Findings on the impacts of a paid family and medical leave program are divided into distinct sections around benefits and costs. In general, research indicates that paid family and medical leave programs are associated with economic benefits including improved employee retention, increased employee productivity, and greater labor force attachment for women. Published research on this issue also indicates that such programs are associated with possible benefits to health outcomes. Paid family and medical leave programs also result in costs to businesses and workers, which can include an increased tax burden on employers and workers, administrative costs to employers, and potential business disruptions. As will be described later in this report, this study estimates that financing this program would result in a contribution rate of 0.5 percent of wages that would be split between employees and employers. For example, an employee earning annual wages of $60,000 would be required to contribute .25 percent of wages, which equals approximately $2.89 per week. Likewise, the employer for that covered employee would also be required to contribute $2.89 per week. While the administrative costs and the cost of potential business disruptions are indeterminate, this study offers a general estimation of costs to employers and employees in the form of premiums paid into the program. The estimated startup cost to implement this program during Year 1 and Year 2 are $55,600,000, with estimated ongoing annual costs of $43,500,000.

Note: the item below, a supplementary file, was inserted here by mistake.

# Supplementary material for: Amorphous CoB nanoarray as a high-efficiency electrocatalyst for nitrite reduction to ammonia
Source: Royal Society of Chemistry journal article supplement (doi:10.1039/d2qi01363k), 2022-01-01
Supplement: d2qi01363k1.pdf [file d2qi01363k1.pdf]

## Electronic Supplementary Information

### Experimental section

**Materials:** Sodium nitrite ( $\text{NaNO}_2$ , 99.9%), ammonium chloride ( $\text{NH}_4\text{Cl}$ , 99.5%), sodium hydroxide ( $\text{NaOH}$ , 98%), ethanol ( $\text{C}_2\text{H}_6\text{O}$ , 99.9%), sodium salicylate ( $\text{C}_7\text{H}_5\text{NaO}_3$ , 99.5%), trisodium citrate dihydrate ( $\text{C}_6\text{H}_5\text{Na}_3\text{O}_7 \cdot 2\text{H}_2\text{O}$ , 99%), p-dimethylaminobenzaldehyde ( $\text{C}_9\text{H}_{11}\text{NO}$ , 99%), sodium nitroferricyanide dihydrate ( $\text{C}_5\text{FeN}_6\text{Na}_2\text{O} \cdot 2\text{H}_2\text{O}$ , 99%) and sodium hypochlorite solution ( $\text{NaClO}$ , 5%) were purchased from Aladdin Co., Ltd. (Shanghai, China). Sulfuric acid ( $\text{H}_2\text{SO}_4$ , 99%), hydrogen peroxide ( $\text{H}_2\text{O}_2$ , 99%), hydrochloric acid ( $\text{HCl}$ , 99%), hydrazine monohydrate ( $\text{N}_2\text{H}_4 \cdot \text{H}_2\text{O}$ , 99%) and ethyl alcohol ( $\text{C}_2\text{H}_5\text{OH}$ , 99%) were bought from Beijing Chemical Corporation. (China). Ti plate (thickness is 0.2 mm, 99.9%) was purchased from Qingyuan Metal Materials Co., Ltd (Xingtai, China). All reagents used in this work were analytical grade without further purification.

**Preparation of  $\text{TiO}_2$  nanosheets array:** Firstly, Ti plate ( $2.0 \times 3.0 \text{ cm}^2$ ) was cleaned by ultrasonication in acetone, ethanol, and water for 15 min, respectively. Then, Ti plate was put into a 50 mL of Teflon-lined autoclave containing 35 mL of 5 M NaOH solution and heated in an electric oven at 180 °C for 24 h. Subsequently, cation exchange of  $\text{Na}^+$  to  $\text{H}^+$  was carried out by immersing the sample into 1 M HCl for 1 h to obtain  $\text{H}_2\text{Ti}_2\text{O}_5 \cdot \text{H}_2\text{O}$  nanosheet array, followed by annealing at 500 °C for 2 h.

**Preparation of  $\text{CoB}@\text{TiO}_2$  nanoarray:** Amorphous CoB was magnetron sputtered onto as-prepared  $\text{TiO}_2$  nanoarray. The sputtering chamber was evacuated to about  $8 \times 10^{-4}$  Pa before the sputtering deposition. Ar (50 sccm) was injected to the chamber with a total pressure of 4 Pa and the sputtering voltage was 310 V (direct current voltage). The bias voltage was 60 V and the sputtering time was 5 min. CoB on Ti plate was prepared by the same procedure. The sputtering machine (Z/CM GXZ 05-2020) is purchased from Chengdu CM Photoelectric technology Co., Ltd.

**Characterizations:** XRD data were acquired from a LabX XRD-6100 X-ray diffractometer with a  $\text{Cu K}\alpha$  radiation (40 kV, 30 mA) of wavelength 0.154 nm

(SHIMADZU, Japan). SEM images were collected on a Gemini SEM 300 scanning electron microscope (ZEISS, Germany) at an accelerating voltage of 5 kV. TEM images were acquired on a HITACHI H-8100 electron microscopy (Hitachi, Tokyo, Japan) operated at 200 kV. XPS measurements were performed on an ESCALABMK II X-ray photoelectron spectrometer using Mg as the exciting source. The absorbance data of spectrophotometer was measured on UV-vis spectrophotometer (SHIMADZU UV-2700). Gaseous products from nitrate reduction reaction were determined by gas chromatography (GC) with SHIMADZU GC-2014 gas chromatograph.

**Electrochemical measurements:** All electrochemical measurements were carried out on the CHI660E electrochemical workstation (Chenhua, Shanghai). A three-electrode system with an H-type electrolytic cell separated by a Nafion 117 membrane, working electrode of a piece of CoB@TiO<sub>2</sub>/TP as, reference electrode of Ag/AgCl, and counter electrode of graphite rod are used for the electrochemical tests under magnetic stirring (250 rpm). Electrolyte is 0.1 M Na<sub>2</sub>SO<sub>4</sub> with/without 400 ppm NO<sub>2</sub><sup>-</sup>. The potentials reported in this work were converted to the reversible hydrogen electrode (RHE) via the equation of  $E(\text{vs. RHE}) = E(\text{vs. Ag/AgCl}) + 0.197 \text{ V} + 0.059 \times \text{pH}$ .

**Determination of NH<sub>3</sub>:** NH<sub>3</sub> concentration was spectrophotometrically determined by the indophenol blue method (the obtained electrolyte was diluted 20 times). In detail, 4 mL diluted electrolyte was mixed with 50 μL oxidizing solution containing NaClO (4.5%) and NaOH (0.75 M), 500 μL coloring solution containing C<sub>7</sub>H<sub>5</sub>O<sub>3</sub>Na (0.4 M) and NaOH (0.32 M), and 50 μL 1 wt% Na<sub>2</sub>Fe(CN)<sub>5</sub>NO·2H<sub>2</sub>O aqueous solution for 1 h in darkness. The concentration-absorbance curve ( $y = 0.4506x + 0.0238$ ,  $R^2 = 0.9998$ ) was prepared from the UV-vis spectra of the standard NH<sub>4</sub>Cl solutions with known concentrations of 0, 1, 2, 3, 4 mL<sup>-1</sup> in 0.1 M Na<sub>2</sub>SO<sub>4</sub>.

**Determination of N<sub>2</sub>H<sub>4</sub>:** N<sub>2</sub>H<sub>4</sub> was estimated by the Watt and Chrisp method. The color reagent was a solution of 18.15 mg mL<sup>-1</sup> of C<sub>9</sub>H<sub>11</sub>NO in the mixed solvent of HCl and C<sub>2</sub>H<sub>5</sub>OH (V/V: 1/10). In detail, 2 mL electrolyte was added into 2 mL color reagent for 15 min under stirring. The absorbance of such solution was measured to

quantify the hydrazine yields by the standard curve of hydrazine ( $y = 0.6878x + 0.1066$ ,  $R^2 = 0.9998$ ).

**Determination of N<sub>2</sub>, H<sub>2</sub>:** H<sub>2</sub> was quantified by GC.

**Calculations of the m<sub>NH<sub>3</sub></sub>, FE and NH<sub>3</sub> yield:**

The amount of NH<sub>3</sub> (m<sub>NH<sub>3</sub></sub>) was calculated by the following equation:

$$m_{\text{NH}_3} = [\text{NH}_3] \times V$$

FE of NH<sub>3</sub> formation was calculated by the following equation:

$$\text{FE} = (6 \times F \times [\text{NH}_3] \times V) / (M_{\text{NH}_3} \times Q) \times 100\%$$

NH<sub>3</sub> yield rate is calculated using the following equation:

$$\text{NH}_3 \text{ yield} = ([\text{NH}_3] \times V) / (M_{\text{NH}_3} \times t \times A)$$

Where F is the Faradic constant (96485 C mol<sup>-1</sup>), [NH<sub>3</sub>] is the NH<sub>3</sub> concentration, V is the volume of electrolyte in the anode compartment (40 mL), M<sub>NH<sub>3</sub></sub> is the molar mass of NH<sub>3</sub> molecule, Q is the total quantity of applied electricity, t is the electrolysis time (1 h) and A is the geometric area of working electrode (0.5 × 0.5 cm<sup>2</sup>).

In addition to studying the laws and programs implemented in other states with paid family and medical leave programs, the Secretary of Commerce and Trade and the Chief Workforce Development Advisor engaged in numerous conversations with staff and stakeholders in other states, including Washington, Massachusetts, Rhode Island, Connecticut, Oregon, and the District of Columbia. Based on an examination of the policies implemented and considered by other states, it is clear that there is no singular model for paid family and medical leave. There are numerous policy differences across the states in their approaches to structure, benefits, financing, eligibility requirements, and implementation plans. These differences have varying effects on the workers and businesses covered under each respective program. This variety makes evident that if a paid family and medical leave program is a public policy that the Commonwealth seeks to pursue, there is room to craft this policy in a way that fits Virginia’s unique needs and provides the most benefit to working Virginians and the economy while also limiting the impacts of costs.